The defective: This role often leads to somatization (bodily expression of intrapsychic or interpersonal conflict), or chronic psychological impairment. It is often seen in families with conflicts over the wish to be adventurous or lead an exciting life, or, once again, over traditional gender roles. The parents in these families are not conflicted over the role of parent per se as with the families of spoilers, but feel highly anxious when they are no longer needed in their capacity as traditional family caretakers.

The Defective
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Their children of course have to grow up, and the empty nest begins to loom on the horizon. During this period, the parents may have fantasies about being free from family obligations and indulging in their more individualistic tendencies. Unfortunately, they feel useless and/or vaguely guilty and/or unsettled if they do indulge them.

The children of such parents are afraid of becoming independent for fear their parents might develop a pathological empty nest syndrome. They respond by failing to become self-sufficient in some way.

So that the parents do not blame themselves for the child's lack of independence, or feel as though they had been inadequate parents, they blame their inability to take complete care of themselves on some physical or psychological disorder.

An actual disorder may or may not be present, and if present, may or may not be exaggerated. Often it is unclear whether or not the child is purposely exaggerating his or her apparent symptoms or disability. This way, depending on whether a parent is feeling guilty or angry at a given time, a child can assuage one polarity and feed into the other. He or she attempts to regulate exactly how much of each their parents' are experiencing, in order to provide maximum stability.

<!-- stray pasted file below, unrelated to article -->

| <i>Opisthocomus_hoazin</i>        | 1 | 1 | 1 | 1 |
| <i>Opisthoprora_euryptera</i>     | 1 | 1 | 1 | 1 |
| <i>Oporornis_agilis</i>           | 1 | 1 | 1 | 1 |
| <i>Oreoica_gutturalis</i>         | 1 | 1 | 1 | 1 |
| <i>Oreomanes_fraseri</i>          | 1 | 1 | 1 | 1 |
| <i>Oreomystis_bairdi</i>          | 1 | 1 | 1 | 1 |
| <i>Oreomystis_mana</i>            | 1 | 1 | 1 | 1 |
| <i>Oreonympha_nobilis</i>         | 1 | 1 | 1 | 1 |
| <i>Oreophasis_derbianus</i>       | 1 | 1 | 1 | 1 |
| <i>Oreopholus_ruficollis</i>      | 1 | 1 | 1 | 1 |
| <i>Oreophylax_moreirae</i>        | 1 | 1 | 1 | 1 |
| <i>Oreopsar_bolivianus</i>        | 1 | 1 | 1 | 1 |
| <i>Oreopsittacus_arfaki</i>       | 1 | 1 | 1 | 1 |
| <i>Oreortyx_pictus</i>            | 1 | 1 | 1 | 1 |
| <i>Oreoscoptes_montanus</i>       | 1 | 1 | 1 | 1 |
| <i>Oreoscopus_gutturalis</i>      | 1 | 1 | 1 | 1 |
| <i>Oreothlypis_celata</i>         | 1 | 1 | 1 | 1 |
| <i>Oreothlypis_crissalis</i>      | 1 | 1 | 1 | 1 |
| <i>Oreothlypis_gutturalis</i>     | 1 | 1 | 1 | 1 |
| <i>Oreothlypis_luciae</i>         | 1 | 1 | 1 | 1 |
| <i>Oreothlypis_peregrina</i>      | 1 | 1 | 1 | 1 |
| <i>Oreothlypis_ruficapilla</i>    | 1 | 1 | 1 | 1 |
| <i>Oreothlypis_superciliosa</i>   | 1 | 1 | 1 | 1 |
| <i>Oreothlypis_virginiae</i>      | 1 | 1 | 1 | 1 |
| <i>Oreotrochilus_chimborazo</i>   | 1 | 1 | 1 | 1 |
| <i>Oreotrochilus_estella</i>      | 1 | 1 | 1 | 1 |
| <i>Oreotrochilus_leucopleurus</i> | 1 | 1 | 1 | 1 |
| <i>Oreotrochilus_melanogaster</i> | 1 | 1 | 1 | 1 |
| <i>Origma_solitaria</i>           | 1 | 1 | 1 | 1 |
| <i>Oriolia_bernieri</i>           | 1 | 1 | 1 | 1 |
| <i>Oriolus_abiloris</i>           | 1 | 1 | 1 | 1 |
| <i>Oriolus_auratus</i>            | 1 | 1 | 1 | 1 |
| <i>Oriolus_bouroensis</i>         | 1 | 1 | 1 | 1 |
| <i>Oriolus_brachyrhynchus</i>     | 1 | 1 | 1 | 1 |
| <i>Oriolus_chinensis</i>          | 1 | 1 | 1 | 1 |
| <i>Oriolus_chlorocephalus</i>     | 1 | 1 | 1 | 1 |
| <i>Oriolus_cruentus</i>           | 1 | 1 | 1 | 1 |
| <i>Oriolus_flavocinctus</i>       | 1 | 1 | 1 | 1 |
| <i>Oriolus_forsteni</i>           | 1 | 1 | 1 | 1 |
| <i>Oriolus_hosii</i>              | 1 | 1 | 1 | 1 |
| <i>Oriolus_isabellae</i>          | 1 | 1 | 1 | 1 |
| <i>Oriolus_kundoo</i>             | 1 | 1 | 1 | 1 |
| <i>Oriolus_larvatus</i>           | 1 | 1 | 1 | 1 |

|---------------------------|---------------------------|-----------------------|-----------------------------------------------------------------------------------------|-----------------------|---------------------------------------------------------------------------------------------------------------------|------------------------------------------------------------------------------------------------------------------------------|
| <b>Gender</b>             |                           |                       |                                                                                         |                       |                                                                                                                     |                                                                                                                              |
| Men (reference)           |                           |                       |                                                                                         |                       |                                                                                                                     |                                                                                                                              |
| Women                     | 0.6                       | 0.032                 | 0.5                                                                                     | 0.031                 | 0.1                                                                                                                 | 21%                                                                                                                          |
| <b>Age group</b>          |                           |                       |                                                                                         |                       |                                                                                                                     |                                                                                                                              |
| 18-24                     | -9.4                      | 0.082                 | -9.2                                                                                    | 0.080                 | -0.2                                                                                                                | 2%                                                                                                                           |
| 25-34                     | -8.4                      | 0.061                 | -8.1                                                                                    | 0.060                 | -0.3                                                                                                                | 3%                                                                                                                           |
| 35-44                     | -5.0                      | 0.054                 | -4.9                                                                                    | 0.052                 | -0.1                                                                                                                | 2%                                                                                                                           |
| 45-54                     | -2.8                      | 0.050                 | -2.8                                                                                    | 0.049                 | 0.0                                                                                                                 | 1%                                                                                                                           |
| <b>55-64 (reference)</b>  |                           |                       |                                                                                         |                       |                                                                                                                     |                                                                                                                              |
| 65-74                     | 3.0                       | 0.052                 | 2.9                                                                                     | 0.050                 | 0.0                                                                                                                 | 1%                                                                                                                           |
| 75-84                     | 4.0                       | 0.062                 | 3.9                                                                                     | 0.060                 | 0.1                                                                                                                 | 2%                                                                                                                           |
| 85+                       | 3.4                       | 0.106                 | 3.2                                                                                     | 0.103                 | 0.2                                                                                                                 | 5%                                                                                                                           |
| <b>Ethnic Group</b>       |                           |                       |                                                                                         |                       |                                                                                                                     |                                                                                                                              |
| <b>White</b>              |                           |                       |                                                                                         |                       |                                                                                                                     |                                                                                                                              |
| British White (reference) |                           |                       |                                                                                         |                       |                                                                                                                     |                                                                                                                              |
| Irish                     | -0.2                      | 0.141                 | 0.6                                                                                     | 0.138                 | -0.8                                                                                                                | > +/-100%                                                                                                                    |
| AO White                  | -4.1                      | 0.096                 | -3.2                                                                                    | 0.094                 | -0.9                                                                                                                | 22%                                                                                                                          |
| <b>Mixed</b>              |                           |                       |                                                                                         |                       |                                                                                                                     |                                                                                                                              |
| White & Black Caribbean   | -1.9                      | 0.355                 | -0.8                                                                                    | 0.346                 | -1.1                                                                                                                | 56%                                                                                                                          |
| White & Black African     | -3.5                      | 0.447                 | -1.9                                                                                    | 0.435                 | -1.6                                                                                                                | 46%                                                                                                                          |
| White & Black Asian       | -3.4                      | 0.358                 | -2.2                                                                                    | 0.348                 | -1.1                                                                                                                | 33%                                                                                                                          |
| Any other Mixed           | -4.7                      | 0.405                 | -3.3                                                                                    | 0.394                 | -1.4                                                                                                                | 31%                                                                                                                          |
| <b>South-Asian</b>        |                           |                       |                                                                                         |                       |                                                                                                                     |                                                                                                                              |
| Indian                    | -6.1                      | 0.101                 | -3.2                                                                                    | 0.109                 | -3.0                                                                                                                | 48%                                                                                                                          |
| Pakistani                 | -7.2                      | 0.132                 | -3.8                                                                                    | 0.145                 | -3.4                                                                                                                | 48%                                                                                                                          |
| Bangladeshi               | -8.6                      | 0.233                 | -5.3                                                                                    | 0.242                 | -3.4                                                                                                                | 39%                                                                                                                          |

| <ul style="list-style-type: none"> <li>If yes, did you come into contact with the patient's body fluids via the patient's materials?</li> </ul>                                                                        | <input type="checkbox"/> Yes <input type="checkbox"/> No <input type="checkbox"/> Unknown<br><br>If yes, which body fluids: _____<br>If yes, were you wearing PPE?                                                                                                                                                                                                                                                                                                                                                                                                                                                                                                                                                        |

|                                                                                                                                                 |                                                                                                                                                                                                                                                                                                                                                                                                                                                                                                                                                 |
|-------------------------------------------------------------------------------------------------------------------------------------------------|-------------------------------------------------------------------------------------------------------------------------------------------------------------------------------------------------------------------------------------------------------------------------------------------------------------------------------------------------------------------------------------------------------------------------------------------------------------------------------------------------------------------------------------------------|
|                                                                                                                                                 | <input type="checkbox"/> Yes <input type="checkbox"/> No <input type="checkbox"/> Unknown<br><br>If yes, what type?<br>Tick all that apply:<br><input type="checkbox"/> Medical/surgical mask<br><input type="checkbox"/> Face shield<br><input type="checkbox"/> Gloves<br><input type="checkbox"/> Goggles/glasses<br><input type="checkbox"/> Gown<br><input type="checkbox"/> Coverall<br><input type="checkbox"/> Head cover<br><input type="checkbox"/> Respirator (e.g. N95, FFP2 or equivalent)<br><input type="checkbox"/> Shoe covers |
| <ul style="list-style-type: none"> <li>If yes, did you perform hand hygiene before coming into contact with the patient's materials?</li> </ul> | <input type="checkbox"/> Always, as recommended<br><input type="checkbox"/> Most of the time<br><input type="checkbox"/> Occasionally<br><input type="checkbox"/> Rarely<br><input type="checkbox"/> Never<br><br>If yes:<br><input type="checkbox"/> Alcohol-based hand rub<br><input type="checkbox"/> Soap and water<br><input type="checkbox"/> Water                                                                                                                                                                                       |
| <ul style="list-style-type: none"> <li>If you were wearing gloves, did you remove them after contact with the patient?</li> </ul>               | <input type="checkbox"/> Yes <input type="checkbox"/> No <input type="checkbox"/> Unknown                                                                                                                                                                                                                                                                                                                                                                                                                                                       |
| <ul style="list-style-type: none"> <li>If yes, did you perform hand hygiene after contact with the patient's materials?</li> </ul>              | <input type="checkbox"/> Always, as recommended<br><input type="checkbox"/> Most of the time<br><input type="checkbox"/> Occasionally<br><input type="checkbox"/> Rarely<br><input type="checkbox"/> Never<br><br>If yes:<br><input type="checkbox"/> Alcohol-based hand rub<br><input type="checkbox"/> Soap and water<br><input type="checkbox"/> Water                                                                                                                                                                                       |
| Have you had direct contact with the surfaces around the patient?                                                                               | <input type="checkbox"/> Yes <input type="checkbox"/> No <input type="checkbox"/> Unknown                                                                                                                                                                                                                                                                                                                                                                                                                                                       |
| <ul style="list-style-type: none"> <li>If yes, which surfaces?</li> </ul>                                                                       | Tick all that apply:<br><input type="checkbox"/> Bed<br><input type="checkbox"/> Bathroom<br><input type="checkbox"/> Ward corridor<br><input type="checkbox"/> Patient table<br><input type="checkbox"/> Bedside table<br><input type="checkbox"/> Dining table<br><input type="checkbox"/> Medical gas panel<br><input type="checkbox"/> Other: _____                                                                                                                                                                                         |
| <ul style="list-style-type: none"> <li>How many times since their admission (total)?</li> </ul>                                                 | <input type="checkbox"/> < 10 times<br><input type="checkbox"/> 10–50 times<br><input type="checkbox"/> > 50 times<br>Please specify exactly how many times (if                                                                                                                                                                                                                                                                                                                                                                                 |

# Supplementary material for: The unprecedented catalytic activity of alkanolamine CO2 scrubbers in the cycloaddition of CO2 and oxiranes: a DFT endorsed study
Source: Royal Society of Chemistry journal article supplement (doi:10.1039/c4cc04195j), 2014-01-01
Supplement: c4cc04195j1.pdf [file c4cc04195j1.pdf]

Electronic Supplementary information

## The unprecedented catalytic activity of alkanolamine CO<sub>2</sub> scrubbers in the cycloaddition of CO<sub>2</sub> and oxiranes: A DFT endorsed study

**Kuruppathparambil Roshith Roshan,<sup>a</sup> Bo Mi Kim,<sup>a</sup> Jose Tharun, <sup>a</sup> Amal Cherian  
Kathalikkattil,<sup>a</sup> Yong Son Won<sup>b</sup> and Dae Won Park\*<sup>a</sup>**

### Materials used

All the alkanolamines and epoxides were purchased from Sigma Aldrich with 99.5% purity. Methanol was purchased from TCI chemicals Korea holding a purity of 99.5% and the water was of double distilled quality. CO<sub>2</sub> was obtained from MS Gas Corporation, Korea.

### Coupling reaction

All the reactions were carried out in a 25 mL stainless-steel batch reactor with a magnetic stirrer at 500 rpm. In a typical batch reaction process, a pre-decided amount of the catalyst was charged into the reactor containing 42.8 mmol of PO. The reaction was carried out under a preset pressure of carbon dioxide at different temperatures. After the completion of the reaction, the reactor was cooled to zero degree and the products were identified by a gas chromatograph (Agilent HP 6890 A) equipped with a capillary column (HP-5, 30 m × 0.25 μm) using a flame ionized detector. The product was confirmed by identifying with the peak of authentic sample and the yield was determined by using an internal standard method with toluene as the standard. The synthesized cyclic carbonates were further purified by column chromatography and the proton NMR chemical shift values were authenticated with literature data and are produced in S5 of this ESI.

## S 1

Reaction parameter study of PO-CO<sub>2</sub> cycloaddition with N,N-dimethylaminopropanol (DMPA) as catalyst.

The diseases usually picked by a defective in need of a physical impairment are quite frequently those that have been traditionally thought to be "psychosomatic." These illnesses fit the bill perfectly because they can be easily faked. One can wheeze even when one is not having a real asthma attack, or have a pseudo-seizure when not having a real seizure.

Pseudo or non-epileptic seizures (also called conversion disorder) are particularly illustrative of this phenomenon.  According to studies using EEG evidence, a significant percentage of individuals who have pseudo-seizures also have real ones.  The illness can sometimes come in handy even when it is actually quiescent.

People can and will use whatever tools they have at their disposal in order to stabilize family homeostasis, and are quite willing to suffer the negative consequences to themselves in doing so.

David M. Allen, M.D., is a Professor of Psychiatry at the University of Tennessee and author of the book How Dysfunctional Families Spur Mental Disorders.